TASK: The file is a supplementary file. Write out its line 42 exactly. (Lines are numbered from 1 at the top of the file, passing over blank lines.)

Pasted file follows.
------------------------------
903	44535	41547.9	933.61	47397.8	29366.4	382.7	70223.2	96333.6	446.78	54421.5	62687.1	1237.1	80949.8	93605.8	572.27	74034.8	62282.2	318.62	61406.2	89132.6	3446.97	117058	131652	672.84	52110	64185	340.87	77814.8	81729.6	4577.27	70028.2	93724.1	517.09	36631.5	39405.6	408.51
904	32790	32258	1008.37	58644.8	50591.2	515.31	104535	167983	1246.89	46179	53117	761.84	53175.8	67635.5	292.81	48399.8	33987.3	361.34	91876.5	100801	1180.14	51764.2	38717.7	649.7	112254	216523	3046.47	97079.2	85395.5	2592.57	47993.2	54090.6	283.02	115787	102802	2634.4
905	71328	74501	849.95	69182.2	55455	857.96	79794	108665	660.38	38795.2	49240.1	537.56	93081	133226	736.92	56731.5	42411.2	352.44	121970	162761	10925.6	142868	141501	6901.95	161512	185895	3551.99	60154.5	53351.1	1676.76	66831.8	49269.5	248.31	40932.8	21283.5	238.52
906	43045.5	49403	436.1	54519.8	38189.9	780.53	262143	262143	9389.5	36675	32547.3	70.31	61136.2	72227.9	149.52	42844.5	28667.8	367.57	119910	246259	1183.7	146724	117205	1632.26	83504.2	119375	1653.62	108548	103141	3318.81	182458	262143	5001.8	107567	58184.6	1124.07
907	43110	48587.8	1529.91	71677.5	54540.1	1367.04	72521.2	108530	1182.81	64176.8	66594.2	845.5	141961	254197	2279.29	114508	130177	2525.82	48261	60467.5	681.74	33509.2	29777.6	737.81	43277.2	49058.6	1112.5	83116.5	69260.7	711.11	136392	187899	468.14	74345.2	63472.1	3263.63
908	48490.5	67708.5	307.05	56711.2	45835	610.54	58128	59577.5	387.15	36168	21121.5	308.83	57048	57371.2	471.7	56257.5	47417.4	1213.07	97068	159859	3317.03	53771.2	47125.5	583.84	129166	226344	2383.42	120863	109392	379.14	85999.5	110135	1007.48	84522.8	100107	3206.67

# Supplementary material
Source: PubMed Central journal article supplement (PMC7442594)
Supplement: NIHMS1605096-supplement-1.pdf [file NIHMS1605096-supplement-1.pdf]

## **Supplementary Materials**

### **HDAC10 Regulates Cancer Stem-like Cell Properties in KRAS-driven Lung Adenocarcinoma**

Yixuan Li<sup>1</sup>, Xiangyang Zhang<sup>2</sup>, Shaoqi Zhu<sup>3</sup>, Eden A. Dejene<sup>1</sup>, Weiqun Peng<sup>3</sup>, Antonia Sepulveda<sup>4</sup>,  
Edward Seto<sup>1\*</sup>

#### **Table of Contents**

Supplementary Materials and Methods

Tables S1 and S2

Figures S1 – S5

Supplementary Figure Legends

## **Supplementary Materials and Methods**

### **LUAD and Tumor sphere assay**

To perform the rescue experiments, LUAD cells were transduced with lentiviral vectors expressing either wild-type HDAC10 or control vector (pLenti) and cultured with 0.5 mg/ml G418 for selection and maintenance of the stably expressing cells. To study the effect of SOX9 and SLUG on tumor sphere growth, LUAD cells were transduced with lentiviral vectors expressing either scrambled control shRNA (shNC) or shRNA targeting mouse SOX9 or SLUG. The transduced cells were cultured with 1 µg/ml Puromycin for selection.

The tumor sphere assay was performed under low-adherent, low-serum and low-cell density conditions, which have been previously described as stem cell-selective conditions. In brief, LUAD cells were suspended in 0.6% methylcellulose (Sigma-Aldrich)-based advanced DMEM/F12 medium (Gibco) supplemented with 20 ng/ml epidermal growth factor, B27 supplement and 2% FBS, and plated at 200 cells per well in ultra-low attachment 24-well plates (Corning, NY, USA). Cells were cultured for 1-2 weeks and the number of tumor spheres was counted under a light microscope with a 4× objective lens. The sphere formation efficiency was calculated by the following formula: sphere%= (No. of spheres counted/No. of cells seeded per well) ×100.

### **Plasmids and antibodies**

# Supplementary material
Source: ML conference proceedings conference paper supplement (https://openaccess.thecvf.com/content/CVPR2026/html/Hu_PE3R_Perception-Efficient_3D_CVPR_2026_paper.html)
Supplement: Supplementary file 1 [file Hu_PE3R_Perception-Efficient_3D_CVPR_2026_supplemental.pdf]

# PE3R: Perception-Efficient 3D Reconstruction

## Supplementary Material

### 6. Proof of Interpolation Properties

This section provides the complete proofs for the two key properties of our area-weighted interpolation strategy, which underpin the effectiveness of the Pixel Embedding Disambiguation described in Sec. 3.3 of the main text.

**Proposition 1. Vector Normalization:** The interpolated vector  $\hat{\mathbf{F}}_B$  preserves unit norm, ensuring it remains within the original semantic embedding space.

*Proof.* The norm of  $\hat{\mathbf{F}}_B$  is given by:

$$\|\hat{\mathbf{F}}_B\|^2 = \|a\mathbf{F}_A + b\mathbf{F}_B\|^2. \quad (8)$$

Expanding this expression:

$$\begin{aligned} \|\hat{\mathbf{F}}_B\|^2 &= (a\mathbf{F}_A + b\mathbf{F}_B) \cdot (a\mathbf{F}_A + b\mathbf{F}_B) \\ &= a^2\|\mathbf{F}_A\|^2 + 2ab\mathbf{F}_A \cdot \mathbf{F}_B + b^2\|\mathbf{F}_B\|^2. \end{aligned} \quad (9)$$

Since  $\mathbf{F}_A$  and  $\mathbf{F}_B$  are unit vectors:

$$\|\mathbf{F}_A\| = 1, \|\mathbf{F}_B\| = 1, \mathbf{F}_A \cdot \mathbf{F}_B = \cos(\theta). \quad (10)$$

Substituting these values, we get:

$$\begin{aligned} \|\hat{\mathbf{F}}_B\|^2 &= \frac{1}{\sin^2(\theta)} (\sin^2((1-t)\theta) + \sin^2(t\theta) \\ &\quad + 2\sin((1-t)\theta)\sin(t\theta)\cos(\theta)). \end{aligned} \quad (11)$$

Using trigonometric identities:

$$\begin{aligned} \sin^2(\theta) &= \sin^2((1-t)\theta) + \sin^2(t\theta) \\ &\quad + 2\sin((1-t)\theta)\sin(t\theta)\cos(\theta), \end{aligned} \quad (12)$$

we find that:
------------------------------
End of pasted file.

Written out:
we find that: